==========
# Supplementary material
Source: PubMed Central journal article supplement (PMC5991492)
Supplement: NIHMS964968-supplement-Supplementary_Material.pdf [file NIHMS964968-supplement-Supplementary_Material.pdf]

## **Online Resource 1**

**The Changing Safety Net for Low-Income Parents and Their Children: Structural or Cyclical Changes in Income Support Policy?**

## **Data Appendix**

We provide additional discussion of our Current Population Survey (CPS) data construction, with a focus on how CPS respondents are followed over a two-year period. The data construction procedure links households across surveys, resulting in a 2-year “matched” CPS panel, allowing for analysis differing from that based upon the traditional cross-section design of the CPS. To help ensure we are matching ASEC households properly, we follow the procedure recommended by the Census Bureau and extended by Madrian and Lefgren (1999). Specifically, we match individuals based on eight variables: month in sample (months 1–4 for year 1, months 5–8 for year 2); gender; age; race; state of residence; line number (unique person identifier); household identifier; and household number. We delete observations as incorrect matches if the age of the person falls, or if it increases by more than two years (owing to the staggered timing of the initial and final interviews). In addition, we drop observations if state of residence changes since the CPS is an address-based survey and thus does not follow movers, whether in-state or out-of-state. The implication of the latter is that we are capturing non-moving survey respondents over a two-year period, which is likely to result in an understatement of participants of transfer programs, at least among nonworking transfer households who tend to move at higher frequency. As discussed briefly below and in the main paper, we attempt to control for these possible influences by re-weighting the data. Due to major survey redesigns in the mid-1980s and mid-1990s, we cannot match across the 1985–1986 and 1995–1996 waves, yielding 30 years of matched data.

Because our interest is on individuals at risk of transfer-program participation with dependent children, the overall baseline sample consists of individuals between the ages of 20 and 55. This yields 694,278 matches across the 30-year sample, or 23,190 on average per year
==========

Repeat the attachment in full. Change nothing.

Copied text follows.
# Supplementary material
Source: PubMed Central journal article supplement (PMC5991492)
Supplement: NIHMS964968-supplement-Supplementary_Material.pdf [file NIHMS964968-supplement-Supplementary_Material.pdf]

## **Online Resource 1**

**The Changing Safety Net for Low-Income Parents and Their Children: Structural or Cyclical Changes in Income Support Policy?**

## **Data Appendix**

We provide additional discussion of our Current Population Survey (CPS) data construction, with a focus on how CPS respondents are followed over a two-year period. The data construction procedure links households across surveys, resulting in a 2-year “matched” CPS panel, allowing for analysis differing from that based upon the traditional cross-section design of the CPS. To help ensure we are matching ASEC households properly, we follow the procedure recommended by the Census Bureau and extended by Madrian and Lefgren (1999). Specifically, we match individuals based on eight variables: month in sample (months 1–4 for year 1, months 5–8 for year 2); gender; age; race; state of residence; line number (unique person identifier); household identifier; and household number. We delete observations as incorrect matches if the age of the person falls, or if it increases by more than two years (owing to the staggered timing of the initial and final interviews). In addition, we drop observations if state of residence changes since the CPS is an address-based survey and thus does not follow movers, whether in-state or out-of-state. The implication of the latter is that we are capturing non-moving survey respondents over a two-year period, which is likely to result in an understatement of participants of transfer programs, at least among nonworking transfer households who tend to move at higher frequency. As discussed briefly below and in the main paper, we attempt to control for these possible influences by re-weighting the data. Due to major survey redesigns in the mid-1980s and mid-1990s, we cannot match across the 1985–1986 and 1995–1996 waves, yielding 30 years of matched data.

Because our interest is on individuals at risk of transfer-program participation with dependent children, the overall baseline sample consists of individuals between the ages of 20 and 55. This yields 694,278 matches across the 30-year sample, or 23,190 on average per year